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Camila Velasquez, Health Network Associate, and Aracely, Her Patient with TB, Numerous Health Challenges, and No Connection to Care – And A Call to Action

An image of paper lungs next to a stethoscope

While long-time supporters of MCN are well aware of the lifesaving work of Health Network, MCN’s award-winning virtual case management program, lesser known are the stories which drive the passionate Health Network Associates behind the scenes. These motivated case managers frequently share more than one commonality with the patients than might first meet the eye. 

“I can't imagine what a program like Health Network would have meant to my parents when they first moved here from Colombia with three children,” Camila Velasquez, a Health Network Associate, recently admitted. “I remember most times just having my mom do home remedies to nurse us back to health or lecturing us to not get into too much trouble because we could get hurt and we did not have health insurance at the time. But now I know that there are resources such as community health centers, financial assistance such as sliding fee scales, and charity care.” 

Velasquez, like her Health Network colleagues, has specific areas of focus in her work advocating for and assisting her patients. Velasquez originally worked exclusively with prenatal asylum seekers. This year, she expanded her role within Health Network to serve as the lead for the Specialty Care Access Network, or SCAN, which gets specialty care for newly arrived asylum-seeking children. She frequently receives assignments of children with conditions such as epilepsy or Down syndrome, or ailments that require urgent medical attention. She works with the children’s parents, who are grappling with these serious struggles while also navigating a new health system, living in a new country, with limited support systems. She finds the children primary care, in addition to working with SCAN Champions – volunteer clinicians -- throughout the country to find the specialty care that the children need. Even when two patients have the same diagnosis, the particulars of their case require unique, individualized care plans and management strategies—often against a backdrop of considerable disparity, which has grown in recent years.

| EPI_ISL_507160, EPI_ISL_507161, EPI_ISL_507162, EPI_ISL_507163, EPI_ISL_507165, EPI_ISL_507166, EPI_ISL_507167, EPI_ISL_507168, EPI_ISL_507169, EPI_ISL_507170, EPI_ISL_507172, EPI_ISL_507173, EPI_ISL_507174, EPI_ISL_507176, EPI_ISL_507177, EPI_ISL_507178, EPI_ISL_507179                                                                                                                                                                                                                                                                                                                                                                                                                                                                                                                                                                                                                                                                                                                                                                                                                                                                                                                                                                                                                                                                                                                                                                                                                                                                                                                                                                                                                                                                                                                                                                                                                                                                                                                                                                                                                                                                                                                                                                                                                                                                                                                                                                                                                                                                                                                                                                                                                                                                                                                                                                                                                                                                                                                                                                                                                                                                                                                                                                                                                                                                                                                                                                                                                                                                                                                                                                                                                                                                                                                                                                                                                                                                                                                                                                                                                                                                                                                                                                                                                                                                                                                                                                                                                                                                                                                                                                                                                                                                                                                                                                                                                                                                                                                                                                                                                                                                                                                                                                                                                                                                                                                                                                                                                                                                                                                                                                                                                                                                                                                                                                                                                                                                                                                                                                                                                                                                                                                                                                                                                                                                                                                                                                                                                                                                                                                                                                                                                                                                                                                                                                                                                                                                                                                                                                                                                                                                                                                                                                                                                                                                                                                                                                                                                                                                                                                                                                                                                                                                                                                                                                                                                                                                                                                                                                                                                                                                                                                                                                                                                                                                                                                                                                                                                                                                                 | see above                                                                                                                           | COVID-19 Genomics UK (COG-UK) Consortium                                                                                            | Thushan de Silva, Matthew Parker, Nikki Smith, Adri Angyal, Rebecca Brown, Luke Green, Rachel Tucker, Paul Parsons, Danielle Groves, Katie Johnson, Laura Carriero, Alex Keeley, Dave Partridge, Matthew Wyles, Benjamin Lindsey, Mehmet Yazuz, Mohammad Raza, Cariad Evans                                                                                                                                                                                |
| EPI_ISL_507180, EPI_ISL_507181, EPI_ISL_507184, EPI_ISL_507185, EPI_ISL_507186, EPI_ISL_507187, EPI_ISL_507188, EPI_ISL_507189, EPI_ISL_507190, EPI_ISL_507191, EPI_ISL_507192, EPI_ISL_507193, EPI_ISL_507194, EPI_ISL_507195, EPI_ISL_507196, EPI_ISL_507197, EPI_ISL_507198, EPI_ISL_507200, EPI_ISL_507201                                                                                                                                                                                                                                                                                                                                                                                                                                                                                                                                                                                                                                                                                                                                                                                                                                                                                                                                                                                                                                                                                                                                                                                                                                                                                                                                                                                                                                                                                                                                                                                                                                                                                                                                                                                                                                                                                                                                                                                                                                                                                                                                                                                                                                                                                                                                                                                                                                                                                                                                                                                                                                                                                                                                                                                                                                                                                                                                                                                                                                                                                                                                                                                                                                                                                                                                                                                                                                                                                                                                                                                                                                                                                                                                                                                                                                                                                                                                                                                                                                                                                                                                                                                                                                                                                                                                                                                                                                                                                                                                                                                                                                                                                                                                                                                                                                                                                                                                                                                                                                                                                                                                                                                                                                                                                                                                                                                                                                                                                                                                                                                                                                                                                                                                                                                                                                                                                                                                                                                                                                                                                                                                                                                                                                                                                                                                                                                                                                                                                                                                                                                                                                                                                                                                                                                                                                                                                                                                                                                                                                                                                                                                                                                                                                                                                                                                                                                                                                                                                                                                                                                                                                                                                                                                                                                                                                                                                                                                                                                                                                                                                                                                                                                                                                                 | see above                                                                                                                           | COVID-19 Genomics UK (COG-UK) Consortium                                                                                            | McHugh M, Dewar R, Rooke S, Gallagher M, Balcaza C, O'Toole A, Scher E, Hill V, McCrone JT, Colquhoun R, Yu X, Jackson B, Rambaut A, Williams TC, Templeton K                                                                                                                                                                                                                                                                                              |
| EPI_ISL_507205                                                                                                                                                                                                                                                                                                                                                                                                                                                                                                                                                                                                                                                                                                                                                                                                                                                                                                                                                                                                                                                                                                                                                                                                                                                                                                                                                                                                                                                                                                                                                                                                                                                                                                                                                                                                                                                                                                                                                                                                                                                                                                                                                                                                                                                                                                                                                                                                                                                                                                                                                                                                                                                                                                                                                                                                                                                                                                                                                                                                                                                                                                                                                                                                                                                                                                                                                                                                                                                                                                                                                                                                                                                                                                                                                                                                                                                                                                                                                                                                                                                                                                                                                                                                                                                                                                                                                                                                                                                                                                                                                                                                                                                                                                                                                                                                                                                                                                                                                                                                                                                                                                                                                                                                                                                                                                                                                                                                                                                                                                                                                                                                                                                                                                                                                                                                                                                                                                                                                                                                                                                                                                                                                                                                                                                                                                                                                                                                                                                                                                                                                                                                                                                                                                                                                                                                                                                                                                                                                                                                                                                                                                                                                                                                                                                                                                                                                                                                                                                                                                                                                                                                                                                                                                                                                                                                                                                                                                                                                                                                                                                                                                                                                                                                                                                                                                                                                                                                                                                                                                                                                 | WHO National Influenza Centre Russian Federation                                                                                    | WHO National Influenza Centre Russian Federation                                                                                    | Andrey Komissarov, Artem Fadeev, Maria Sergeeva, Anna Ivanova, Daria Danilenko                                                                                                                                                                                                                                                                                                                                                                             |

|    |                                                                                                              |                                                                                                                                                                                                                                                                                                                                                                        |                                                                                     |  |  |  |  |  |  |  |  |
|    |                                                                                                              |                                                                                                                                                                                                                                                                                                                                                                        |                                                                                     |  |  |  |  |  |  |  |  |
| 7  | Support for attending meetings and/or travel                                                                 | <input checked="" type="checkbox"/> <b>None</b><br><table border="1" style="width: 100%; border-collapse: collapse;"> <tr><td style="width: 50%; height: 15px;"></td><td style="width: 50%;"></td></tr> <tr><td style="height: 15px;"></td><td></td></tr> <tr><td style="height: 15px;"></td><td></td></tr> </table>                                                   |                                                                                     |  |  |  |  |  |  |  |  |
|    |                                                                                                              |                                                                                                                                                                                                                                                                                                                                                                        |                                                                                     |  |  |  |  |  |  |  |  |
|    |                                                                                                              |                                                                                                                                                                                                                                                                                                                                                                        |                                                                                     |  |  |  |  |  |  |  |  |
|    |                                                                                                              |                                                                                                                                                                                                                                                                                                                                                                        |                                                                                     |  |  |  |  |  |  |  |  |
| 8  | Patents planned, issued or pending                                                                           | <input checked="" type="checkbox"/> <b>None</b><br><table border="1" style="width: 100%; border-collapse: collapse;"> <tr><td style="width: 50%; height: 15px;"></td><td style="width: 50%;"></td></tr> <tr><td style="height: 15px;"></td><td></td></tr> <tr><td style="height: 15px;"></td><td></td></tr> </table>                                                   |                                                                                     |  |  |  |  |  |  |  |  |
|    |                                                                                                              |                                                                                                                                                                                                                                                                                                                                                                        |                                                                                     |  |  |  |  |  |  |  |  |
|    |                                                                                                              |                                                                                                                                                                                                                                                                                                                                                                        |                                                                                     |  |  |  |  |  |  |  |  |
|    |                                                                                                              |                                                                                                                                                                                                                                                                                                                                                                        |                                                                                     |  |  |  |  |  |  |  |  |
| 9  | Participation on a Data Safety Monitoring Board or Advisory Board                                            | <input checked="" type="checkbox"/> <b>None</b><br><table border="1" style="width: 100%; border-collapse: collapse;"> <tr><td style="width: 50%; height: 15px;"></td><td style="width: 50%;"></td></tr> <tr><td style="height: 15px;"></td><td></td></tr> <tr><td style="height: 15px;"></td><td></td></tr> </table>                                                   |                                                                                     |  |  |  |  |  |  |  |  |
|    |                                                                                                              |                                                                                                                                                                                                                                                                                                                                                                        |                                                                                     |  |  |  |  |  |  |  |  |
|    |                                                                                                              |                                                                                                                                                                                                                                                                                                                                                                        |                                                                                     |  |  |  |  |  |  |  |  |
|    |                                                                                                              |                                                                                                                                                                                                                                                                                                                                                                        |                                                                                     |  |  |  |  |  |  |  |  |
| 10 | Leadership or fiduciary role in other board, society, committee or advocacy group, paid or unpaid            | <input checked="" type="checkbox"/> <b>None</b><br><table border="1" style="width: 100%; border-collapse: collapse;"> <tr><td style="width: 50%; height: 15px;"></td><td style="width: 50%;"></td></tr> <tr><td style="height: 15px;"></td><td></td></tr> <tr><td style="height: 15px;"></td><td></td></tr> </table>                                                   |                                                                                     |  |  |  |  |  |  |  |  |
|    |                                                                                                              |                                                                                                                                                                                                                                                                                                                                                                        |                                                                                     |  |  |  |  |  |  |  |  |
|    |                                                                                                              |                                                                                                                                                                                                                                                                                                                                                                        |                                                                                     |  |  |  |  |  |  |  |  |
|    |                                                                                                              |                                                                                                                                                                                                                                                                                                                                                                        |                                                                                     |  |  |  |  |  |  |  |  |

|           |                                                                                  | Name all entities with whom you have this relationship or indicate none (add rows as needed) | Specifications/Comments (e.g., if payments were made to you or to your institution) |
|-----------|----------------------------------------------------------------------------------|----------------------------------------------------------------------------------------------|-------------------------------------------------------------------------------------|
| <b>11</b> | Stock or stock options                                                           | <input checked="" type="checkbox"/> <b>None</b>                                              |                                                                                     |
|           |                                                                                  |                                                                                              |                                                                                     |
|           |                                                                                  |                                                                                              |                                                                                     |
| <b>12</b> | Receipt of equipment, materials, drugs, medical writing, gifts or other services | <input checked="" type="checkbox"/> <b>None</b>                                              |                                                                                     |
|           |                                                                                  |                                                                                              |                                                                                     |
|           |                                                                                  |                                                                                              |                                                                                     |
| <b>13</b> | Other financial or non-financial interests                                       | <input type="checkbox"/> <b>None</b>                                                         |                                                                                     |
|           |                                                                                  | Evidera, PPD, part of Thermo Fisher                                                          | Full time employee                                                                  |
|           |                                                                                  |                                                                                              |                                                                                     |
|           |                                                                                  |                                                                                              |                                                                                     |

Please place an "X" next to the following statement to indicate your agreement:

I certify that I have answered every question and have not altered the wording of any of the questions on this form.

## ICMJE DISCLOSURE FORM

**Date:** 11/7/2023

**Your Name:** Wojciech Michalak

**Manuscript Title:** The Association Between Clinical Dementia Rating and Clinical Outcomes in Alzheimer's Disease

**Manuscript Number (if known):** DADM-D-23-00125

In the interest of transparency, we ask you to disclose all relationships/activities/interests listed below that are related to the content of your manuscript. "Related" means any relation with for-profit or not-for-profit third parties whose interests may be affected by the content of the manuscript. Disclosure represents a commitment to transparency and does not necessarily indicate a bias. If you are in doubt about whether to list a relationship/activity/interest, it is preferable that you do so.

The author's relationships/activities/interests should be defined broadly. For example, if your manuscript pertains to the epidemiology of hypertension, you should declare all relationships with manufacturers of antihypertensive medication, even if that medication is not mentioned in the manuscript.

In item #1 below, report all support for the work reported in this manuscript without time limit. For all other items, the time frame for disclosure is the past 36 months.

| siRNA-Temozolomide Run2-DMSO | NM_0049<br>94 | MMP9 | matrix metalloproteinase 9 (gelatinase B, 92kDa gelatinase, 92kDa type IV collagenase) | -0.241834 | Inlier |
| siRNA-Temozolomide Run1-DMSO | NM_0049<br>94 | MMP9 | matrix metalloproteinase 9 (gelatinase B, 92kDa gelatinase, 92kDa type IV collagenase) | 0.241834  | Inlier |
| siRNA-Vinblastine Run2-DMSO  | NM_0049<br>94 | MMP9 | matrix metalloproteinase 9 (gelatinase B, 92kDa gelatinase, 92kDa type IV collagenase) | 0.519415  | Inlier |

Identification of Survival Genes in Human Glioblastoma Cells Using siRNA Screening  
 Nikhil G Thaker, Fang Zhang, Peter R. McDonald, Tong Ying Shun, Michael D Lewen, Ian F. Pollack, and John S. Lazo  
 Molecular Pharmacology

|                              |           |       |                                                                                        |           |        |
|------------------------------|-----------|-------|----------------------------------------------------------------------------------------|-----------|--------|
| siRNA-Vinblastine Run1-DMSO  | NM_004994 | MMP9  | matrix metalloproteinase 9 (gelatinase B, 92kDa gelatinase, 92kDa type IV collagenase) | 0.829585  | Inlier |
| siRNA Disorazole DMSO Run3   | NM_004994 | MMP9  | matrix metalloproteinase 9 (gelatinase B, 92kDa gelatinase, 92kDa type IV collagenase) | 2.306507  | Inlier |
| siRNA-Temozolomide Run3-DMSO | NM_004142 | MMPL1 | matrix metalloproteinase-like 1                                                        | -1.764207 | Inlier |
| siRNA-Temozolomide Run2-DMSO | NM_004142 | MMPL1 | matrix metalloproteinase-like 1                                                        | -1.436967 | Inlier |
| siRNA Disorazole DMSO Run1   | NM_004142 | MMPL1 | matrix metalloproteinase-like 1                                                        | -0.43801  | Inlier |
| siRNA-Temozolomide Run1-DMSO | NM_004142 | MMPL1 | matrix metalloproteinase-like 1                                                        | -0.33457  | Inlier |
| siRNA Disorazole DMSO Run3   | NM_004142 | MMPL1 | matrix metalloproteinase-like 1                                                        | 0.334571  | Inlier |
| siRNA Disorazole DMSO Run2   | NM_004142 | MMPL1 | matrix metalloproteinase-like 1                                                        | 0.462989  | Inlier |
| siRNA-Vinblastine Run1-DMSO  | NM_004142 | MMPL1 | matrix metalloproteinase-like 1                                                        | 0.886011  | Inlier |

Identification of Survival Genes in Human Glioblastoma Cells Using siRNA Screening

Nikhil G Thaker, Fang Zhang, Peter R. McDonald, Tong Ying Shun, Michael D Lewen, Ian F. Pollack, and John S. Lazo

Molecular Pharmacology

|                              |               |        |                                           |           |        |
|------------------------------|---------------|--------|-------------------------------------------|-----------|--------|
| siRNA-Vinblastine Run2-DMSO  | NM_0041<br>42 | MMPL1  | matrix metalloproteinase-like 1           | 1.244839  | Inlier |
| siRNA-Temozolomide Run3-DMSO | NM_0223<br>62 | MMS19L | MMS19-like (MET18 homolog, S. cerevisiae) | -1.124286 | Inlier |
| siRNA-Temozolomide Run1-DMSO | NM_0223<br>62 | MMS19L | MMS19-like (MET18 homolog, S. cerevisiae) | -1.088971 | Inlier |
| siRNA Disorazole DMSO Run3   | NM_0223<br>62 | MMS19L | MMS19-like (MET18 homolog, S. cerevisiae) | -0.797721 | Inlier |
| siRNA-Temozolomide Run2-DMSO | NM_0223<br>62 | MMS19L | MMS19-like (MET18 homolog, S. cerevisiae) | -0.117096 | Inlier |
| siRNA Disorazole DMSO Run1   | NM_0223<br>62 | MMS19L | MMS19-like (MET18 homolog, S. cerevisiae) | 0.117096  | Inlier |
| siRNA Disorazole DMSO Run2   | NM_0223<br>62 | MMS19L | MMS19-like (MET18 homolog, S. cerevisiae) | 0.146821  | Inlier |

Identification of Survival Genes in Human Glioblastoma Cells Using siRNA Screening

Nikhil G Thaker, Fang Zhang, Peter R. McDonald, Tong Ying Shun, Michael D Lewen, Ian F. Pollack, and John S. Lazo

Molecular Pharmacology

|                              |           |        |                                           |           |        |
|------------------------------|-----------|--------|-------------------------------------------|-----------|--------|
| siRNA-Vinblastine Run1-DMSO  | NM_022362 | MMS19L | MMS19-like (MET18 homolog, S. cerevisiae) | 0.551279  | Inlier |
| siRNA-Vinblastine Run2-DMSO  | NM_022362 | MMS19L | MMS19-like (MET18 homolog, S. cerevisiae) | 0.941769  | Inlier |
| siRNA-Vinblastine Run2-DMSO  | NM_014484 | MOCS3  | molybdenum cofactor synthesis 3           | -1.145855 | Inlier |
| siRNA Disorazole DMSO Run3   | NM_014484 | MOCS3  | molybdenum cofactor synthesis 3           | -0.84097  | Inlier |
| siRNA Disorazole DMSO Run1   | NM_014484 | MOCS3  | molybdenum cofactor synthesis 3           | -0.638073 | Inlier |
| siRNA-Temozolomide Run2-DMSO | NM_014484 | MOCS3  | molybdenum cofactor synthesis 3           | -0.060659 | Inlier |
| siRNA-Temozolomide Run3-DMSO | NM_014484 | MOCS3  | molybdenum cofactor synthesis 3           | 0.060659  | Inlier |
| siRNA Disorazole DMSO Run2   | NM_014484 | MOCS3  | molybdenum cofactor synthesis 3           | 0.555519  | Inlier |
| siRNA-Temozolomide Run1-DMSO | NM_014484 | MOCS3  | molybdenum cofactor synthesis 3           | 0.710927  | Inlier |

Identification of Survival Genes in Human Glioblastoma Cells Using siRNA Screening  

“All around the world, the cost of living has gone up, and we have noticed supply chain issues that came with the pandemic, a lack of resources, and understaffing,” Velasquez noted. “There is a huge disparity of the level of health care between the rich and the poor,” which existed before the pandemic – and now is heightened.  

Velasquez believes that Health Network shines a beacon of hope for migrant patients, including the possibility of achieving health justice. One such case involved Aracely*, a toddler born with exstrophy in their bladder and colon, a pelvic malformation, gastroschisis, and a latent tuberculosis infection. After Aracely endured two failed surgeries, an ileostomy converted to a colostomy, and months-long tuberculosis treatment within her home country, she came to the United States to receive corrective surgery.  

In spite of these considerable challenges, Health Network played a vital role in reversing course for her, according to Laszlo Madaras, MD, MPH, MCN’s Chief Medical Officer. 

“This constellation of conditions is rare, about two to three in a million,” he said. “And our Health Network team got the SCAN champions involved and [the patient was] taken care of. Aracely is now in care with both pediatric specialists and a general pediatrician.” 

Aracely is just one of countless children that Health Network has saved, but more is possible—with your help right now.  

It’s the season of giving. December is National Giving Month, a time when many organizations count on generosity: of spirit, of time, and of course, of monetary support. Monetary support is particularly important; NonprofitSource, a digital marketing consultant for charitable nonprofits, estimates more than 30 percent of all such giving occurs in the month of December. Nearly a quarter of all American nonprofits raise the largest of these funds in the days before the start of the new year. 

Which means that there is still time to make a difference today, if you so choose—and we hope that you do, because even as 2022 ushered in unexpected outcomes in the field of health justice on behalf of migrants, immigrants, asylum-seekers, refugees, and the clinicians who care for them, it also confirmed that the need for our work is far from over.  

Amidst the repeal of Title 42, the emergence of the tridemic, and the continued climate crisis, our services have become more crucial than ever.  

As we prepare to end 2022 and make an even bigger push for health justice in 2023, can we count on your support today? 

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